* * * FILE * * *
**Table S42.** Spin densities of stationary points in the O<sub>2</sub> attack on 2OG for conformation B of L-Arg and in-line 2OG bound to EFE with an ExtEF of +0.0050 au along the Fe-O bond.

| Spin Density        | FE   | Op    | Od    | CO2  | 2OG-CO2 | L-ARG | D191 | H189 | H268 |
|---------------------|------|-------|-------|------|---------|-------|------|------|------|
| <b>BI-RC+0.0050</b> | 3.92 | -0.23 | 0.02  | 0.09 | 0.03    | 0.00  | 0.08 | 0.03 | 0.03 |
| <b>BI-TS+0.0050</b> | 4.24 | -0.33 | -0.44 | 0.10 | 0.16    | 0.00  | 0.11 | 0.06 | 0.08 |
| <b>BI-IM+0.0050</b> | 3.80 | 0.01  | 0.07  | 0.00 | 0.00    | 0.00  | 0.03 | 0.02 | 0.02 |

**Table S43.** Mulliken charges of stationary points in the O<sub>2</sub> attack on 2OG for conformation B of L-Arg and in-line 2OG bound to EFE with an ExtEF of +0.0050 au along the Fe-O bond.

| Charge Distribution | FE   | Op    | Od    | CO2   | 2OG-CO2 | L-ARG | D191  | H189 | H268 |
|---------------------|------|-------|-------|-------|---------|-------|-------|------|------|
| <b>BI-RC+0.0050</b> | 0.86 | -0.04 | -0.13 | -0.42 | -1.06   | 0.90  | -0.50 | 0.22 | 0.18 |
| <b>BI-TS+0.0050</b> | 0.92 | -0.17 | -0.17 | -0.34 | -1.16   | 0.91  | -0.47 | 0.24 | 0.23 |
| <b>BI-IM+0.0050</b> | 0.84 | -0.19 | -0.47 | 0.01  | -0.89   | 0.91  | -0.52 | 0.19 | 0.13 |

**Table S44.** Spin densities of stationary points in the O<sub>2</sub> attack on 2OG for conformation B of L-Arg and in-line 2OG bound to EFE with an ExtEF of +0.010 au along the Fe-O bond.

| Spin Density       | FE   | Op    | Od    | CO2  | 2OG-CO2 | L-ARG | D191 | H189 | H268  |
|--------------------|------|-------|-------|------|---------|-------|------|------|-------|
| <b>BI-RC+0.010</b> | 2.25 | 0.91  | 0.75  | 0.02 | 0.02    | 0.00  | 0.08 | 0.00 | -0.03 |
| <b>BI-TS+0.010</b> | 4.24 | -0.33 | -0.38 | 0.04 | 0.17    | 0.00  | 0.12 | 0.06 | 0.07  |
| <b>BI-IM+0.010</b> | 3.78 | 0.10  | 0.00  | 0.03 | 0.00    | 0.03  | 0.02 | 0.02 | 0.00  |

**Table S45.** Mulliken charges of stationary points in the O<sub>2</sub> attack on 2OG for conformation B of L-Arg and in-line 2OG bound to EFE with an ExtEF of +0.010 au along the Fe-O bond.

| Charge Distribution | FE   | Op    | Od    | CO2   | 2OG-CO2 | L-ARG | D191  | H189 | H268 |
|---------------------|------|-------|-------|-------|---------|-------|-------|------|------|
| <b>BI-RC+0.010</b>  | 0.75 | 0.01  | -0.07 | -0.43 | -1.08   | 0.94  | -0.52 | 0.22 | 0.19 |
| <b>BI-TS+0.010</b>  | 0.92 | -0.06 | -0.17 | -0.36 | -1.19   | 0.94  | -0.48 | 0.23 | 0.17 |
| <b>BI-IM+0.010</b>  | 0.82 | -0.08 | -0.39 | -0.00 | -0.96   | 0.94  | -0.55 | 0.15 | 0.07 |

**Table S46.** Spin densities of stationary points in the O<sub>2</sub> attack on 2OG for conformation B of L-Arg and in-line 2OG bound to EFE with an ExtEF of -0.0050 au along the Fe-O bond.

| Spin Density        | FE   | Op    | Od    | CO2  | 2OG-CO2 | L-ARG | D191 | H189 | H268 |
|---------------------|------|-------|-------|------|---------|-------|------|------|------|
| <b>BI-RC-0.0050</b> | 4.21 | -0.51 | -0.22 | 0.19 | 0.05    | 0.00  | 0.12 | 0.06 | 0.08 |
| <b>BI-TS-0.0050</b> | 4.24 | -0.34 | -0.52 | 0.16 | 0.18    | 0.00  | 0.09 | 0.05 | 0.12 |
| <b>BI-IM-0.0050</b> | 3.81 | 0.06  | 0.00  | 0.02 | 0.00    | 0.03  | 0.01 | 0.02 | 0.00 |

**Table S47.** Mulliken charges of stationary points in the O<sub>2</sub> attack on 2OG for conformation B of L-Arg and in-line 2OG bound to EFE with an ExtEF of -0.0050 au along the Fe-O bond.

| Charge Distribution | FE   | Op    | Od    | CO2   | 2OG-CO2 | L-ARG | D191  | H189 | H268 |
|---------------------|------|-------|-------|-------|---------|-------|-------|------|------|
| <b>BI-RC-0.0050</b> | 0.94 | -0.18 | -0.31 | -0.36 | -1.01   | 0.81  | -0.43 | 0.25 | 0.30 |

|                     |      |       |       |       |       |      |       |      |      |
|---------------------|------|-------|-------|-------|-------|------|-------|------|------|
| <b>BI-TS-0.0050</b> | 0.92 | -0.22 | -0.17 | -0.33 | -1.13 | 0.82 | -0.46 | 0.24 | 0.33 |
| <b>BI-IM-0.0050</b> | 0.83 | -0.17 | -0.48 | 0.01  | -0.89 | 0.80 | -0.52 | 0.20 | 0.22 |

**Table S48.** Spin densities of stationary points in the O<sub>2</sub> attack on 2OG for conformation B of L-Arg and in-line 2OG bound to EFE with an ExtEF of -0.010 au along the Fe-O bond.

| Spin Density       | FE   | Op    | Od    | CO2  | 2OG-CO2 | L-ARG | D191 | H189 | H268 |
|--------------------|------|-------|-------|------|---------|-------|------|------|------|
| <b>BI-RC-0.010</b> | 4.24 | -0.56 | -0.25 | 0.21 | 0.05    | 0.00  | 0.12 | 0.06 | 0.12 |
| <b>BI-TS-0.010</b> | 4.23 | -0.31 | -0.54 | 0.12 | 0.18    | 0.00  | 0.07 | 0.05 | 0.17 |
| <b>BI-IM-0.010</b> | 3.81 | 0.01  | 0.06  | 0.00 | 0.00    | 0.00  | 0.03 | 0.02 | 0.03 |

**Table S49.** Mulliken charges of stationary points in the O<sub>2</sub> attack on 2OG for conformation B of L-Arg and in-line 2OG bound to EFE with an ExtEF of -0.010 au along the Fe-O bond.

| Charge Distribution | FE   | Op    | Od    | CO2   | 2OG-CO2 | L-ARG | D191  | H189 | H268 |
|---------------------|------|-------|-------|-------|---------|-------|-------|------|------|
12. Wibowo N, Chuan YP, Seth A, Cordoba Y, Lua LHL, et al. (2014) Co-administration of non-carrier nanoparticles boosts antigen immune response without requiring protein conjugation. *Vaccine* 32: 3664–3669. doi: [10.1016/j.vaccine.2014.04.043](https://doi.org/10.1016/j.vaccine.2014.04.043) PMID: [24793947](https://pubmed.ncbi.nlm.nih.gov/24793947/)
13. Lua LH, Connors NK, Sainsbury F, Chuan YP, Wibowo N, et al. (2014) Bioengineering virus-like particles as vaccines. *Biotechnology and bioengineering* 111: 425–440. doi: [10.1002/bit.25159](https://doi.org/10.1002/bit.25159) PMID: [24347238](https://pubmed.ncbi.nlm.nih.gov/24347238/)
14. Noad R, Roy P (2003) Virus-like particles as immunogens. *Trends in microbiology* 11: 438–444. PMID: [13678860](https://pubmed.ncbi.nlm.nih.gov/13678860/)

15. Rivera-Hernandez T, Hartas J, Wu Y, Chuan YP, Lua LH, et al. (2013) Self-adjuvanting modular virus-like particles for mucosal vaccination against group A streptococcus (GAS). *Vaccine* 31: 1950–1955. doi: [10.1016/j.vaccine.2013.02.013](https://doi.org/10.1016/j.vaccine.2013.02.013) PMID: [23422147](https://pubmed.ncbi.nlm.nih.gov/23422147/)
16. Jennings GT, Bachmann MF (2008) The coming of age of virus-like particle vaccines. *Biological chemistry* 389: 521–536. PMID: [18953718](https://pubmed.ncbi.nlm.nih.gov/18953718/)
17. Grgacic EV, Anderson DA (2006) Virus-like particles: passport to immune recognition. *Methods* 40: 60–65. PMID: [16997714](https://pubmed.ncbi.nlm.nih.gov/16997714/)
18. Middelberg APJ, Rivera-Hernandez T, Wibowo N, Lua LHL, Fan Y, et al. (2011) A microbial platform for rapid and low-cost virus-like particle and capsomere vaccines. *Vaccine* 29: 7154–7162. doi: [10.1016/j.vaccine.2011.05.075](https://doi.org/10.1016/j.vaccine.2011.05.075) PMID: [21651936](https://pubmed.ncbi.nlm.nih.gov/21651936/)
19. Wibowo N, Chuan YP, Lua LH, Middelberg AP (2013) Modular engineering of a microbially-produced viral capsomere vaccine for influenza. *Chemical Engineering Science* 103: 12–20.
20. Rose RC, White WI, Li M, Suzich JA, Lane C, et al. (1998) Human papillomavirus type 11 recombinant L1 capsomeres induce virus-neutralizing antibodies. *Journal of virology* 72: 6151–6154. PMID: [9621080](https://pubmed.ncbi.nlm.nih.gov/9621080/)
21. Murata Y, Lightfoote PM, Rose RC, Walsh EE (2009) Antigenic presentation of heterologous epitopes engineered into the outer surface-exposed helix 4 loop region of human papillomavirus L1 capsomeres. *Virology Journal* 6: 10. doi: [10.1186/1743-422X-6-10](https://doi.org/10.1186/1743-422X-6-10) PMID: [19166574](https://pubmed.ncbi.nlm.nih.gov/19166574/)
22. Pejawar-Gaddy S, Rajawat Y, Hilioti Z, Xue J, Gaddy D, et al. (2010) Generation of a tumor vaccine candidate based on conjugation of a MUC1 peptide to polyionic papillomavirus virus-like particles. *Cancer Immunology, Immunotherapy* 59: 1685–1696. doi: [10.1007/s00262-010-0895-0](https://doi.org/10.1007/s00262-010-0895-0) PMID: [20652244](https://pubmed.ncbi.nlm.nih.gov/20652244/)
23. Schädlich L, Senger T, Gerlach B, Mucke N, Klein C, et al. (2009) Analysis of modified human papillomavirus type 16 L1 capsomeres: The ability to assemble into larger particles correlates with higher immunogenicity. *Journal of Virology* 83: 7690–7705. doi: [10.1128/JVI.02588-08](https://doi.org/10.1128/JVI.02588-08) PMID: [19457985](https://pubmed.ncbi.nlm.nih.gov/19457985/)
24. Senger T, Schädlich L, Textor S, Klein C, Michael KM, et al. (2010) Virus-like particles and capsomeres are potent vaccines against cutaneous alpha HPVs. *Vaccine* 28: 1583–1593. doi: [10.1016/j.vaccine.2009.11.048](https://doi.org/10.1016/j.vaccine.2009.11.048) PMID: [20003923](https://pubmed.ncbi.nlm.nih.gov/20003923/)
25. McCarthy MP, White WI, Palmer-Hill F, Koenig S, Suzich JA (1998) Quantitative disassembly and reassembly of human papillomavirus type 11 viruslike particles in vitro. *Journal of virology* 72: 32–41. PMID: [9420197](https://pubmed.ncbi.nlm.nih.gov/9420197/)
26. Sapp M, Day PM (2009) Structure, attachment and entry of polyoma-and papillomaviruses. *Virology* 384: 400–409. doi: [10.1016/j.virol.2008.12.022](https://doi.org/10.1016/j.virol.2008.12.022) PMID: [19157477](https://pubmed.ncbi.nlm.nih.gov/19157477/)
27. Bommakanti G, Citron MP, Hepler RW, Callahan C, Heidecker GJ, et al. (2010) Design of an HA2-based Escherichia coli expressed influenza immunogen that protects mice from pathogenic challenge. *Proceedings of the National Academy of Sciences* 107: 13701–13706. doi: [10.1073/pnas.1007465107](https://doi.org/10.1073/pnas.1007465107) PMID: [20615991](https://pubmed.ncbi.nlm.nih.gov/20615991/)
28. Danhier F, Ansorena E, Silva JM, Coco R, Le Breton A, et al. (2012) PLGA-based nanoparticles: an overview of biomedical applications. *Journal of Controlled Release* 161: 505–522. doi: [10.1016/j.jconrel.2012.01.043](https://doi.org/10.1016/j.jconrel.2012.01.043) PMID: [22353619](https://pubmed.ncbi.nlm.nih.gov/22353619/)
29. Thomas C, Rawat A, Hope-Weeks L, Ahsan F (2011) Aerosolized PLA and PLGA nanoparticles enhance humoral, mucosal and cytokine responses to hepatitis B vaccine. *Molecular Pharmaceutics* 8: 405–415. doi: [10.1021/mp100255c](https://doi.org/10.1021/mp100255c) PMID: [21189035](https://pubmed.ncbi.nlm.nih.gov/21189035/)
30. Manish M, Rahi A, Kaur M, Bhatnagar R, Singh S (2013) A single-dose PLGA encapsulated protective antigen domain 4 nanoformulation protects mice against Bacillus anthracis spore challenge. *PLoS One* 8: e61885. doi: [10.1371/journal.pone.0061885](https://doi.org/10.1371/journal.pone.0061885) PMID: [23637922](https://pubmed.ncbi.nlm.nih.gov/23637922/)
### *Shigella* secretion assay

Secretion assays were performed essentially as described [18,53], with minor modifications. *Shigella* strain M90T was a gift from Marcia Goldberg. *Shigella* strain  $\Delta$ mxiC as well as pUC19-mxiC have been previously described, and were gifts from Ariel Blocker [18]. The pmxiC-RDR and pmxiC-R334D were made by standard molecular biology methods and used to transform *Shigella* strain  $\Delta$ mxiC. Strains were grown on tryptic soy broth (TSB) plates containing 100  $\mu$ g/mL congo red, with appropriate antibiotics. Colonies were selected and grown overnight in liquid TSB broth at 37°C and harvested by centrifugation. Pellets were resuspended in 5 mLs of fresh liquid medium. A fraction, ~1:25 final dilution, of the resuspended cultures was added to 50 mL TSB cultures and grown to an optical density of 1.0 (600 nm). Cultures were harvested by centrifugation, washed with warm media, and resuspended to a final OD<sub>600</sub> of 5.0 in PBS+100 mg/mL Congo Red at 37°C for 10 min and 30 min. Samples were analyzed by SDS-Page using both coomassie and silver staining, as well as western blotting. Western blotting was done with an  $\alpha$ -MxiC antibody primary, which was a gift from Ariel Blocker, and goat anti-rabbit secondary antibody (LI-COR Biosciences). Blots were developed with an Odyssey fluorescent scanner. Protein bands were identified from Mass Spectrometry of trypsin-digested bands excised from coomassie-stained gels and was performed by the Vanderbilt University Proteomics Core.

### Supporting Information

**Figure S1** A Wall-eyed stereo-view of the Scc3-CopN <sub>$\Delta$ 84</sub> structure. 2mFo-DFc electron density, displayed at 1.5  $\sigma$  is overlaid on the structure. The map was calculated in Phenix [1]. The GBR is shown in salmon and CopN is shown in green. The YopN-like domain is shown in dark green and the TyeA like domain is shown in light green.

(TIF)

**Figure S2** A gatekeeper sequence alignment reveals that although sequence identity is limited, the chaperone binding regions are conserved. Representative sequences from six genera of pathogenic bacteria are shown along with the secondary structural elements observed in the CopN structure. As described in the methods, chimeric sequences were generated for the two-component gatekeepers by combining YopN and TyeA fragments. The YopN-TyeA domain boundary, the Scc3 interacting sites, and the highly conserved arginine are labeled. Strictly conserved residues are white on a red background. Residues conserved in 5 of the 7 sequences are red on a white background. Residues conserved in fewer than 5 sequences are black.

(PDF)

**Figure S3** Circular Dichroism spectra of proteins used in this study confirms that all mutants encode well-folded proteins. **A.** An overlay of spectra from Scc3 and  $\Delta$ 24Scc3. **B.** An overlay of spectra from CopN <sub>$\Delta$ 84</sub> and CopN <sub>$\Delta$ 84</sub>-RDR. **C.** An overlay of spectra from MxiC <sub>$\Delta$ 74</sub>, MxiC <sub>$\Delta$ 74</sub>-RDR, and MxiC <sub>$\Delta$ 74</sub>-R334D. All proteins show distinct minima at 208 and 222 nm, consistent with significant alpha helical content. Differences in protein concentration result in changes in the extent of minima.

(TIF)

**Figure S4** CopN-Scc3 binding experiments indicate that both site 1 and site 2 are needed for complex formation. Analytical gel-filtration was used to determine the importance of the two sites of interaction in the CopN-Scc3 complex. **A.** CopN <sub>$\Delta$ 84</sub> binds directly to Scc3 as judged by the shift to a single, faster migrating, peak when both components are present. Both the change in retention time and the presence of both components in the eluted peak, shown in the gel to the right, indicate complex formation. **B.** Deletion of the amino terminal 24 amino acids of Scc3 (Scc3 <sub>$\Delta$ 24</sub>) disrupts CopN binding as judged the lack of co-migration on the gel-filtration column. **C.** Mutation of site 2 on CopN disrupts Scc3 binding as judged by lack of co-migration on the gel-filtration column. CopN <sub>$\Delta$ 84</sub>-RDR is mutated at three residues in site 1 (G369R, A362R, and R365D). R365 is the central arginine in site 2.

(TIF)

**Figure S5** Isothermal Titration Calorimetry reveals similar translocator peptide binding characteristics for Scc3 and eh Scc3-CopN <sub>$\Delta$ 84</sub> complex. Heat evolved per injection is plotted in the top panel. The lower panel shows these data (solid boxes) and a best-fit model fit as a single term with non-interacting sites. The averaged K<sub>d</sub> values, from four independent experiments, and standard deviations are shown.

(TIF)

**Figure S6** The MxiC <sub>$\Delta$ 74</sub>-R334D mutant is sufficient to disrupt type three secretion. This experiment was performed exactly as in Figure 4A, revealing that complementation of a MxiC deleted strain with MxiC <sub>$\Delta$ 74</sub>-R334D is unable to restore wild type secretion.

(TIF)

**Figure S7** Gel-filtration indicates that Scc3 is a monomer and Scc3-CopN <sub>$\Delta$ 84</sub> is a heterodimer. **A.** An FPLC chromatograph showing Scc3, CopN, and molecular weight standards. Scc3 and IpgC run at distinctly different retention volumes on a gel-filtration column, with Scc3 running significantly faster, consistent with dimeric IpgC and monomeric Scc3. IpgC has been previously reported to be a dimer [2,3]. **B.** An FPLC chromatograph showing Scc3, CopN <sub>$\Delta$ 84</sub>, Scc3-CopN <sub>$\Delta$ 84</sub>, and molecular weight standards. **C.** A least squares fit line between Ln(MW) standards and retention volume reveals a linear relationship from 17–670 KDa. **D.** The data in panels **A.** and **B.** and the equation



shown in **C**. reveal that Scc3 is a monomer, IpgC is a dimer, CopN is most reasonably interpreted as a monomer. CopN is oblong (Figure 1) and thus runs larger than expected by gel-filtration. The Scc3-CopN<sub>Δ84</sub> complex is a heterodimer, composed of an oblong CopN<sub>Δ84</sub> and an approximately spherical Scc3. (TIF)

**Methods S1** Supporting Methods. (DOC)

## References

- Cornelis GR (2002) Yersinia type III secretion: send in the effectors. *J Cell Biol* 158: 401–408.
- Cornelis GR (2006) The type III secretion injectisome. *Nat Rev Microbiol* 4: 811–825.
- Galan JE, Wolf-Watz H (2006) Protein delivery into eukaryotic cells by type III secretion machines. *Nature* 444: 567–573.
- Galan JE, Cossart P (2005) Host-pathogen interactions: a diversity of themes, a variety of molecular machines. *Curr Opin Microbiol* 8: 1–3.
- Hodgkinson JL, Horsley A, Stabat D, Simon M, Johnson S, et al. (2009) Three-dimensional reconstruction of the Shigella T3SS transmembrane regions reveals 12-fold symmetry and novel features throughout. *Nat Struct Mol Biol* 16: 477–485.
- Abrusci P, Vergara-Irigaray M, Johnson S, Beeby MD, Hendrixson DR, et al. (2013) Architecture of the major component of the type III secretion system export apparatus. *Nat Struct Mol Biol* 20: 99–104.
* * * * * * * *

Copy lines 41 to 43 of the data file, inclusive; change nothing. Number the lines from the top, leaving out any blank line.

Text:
|--------------------|------|-------|-------|------|---------|-------|------|------|------|
| <b>BI-RC-0.010</b> | 4.24 | -0.56 | -0.25 | 0.21 | 0.05    | 0.00  | 0.12 | 0.06 | 0.12 |
| <b>BI-TS-0.010</b> | 4.23 | -0.31 | -0.54 | 0.12 | 0.18    | 0.00  | 0.07 | 0.05 | 0.17 |